Do-it-yourself roofing projects are not typically the simplest or cheapest home improvement tasks. It can often more cost effective to put in the work and roof your own home, so we have provided this roofing materials with information of materials and supply estimates to help get you started.
What supplies will I need?
•Nails: use to secure the underlayment and shingles, and other components to the roof
•Hammer/Nail Gun: nail guns are great for large roofing projects and can speed things up considerably.
•Utility Knife: use to cut shingles and underlayment to customize shape and edges as needed.
•Crowbar: use to remove nails when removing old shingles
•Flat or Scraper Shovel: use to remove old shingles
•Sealant or Caulk: apply in areas where water can get in, such as vents, chimneys, flashing, and even nail holes
•Tarp: use to cover over works pace overnight or while raining
•Ladder/Scaffolding: use to safely transport yourself and supplies onto the roof
•Chalk line: snap a chalk like to create a straight mark along your rooftop so that you’re shingles are placed in a symmetrical line.
•Plywood: use to fix or replace damaged or rotting wood prior to replacing shingles
•Asphalt Shingles: use to insulate and protect the roof from the damage of outside forces. Can make your own ridge cap shingles out of these.
•Underlayment: the layer between the shingles and the roof itself; often use felt or tar paper.
•Drip Edge: the metal at the bottom edge of the roof close to the gutters that helps with water run off
•Flashing: sections of sheet metal or aluminum used to cover areas with angles and joints (such as near chimneys or the roof meet the siding) to help combat water leakage
•Boots: needed to cover the base of pipes or anything else sticking out of the roof
•Venting System: helps maintain the roof’s integrity during both cold and hot weather
•Ice Shield: for use in areas that experience harshly cold conditions
There are of course other variables and supplies you may need depending on the dimensions and style of your project as well as other factors like a specific aesthetic.
Types of Roofing Materials
The most common material for residential roofing in the U.S. is asphalt shingles. However there are a diverse variety of roofing materials from slate and stone to newer trends such as green a solar roofs. Click here read more about roof types.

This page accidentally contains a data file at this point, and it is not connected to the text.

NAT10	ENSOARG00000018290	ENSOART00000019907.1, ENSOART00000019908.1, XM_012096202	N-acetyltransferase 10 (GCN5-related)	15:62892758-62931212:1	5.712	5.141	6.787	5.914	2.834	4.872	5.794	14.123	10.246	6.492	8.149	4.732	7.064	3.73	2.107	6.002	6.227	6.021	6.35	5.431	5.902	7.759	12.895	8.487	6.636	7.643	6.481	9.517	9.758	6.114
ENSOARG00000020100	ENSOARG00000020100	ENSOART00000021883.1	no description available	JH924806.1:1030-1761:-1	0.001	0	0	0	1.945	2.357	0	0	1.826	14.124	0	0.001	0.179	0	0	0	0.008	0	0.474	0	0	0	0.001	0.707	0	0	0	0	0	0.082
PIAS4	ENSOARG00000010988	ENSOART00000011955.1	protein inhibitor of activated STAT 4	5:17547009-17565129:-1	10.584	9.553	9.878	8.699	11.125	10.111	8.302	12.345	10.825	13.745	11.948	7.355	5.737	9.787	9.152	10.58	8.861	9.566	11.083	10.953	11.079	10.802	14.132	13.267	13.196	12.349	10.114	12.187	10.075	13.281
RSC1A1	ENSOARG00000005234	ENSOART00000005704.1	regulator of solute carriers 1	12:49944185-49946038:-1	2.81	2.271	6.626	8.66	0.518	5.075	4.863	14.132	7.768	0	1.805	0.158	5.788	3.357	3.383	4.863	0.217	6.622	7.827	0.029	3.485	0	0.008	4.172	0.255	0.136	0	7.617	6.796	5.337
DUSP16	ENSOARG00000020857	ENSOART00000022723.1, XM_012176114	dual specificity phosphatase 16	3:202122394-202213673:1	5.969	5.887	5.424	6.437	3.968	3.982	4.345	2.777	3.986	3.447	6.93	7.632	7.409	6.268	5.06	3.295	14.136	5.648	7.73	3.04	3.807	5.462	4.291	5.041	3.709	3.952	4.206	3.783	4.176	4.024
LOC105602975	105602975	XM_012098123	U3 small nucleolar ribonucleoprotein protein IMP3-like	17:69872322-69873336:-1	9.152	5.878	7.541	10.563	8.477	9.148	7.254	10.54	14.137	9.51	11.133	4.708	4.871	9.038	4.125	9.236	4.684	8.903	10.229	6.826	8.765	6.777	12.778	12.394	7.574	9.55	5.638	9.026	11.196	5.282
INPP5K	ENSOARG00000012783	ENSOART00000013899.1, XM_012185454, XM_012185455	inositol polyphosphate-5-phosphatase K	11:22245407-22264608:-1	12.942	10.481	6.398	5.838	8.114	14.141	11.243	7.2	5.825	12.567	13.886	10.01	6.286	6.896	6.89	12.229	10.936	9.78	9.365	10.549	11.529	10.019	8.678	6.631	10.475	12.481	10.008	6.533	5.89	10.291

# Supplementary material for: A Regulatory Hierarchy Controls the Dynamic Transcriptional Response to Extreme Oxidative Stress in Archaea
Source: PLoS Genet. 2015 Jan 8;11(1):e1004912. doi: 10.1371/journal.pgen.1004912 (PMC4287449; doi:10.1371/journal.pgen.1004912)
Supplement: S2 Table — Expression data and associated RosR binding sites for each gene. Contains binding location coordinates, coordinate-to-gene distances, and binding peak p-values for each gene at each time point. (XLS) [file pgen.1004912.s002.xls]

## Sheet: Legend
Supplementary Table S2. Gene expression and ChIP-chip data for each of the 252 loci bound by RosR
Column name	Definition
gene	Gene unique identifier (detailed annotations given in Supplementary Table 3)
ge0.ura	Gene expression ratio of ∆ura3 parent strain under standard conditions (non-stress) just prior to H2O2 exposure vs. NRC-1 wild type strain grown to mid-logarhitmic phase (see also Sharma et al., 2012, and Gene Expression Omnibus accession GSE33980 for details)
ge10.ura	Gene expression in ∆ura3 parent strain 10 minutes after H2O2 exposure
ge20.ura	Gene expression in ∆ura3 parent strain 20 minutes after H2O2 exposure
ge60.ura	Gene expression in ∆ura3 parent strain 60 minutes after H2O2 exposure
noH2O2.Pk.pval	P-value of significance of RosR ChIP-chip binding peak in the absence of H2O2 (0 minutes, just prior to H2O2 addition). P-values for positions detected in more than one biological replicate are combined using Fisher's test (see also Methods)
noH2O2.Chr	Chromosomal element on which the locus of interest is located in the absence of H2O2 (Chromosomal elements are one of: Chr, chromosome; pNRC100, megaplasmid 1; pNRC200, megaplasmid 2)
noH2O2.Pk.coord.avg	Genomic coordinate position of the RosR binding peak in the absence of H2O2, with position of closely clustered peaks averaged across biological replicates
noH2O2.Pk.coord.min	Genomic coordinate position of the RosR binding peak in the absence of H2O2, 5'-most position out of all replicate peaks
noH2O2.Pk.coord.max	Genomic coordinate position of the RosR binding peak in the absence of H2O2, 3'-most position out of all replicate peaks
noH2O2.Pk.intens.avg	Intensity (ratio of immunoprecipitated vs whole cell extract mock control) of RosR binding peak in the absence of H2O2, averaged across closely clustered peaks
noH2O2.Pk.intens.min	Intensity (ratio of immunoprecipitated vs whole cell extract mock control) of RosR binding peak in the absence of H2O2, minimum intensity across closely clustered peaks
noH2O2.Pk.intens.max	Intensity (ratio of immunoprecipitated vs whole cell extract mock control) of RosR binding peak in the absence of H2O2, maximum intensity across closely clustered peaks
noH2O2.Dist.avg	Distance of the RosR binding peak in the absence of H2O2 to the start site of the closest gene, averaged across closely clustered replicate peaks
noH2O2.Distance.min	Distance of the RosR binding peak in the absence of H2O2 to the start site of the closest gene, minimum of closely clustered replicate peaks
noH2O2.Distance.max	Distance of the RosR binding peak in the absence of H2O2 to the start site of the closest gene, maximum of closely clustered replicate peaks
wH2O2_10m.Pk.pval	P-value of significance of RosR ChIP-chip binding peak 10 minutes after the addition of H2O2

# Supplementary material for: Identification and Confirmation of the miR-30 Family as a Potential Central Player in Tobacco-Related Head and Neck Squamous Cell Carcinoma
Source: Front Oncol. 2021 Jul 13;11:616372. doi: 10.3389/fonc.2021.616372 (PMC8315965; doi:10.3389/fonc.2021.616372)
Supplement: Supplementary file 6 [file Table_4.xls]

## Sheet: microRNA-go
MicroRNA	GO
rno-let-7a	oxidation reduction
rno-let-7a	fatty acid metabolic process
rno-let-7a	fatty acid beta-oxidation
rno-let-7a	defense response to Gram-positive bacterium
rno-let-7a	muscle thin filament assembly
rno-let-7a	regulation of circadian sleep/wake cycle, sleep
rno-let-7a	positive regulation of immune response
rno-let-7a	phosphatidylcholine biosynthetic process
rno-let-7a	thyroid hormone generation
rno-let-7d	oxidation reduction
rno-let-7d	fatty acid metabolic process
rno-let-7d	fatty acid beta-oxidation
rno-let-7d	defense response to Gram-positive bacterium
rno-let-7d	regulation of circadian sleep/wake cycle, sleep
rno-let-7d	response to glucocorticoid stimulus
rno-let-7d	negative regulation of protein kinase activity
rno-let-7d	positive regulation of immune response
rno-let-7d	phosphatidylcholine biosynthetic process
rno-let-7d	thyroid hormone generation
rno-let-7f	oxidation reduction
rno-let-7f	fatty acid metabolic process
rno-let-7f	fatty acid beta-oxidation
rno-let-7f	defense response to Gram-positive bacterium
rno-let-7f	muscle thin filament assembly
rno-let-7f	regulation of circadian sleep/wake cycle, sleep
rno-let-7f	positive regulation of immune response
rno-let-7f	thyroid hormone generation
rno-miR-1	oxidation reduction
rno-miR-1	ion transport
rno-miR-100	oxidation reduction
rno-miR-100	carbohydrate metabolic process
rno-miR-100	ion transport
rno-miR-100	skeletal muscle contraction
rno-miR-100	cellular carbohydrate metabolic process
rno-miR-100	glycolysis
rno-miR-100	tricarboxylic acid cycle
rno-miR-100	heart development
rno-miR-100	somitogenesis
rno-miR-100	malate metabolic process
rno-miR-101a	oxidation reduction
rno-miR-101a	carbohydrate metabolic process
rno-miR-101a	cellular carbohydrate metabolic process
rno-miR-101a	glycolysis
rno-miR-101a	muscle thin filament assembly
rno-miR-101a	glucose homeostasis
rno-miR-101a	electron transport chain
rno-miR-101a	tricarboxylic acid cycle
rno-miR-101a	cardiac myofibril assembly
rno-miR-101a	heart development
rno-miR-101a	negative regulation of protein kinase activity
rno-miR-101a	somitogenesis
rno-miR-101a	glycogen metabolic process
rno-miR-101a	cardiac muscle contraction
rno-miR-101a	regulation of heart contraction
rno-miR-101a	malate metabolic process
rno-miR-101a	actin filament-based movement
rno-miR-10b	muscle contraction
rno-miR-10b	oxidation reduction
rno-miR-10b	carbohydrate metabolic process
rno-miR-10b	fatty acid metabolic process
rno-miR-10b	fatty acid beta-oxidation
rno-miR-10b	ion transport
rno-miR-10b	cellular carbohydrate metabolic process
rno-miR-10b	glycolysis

How do I know how much to buy?
The first step to figuring out material estimates is to calculate the dimensions of your roof. This means measuring the surface area/square footage and finding the slope. To calculate the square footage, multiply the roof’s length by the roof’s height.
If you take this number and divide it by 100, that will give you the number of “squares” on your roof. The same measurements apply when estimating and purchasing underlayment.
For each “square”, it takes three bundles of standard 3-tab asphalt shingles to cover that area. One standard underlayment (#15 is the most common) will cover four of these “squares”. Be prepared by adding 10% material to your estimate to factor in waste and other variables.
National Average | $7,000
Typical Range | $5,000 – $10,000
Low End | $1,200
High End | $30,000
For drip edges, just measure the entire length and then again add 10% when purchasing. In the case of corners and cap materials (such as ridge caps), simply measure the length of the ridges and grooves that will need to be covered.
Always get 1-inch nails for normal asphalt roofing. On average you should use four nails per shingle (more if in a windy area). This comes out to 320 nails per square foot.
There are many more resources and tips that can help you get started for do-it-yourself roofing projects. We hope this roofing material guide helps you with your project. For more questions about roofing or to hire a professional, contact David Barbale for consultations and free estimates.
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This was a very descriptive article. You hit it right on the nail. Thank you so much for sharing David Barbale. I really enjoyed the read.
Prices are a little different these days with inflation and supply. Ultimately these prices are pretty close to what we deal with as roofing contractors though. I definitely recommend contacting a local company and not trying to do it yourself you will end up costing yourself more in the long run.
Should it be 320 nails per “Square”?
Another DIY roofing project is roof maintenance.
Regular roof maintenance of your flat roof is a must if you want to identify roof leak repair issues before they become major issues. As part of maintenance the application of a roof material/ coating like Liquid Butyl Rubber is a must. Liquid Butyl Rubber is ideal to recoat existing roofs and add a significant number of years to the life of a roof. In fact, our customers have described it as essentially getting a new roof for a fraction of the cost, since, for most roof types, this is a single application with significant cost savings compared to multiple coat systems. The cost savings alone have made it the choice for thousands of our customers over the years. Labor costs are also decreased since you only need one coat versus 3-4 with other systems.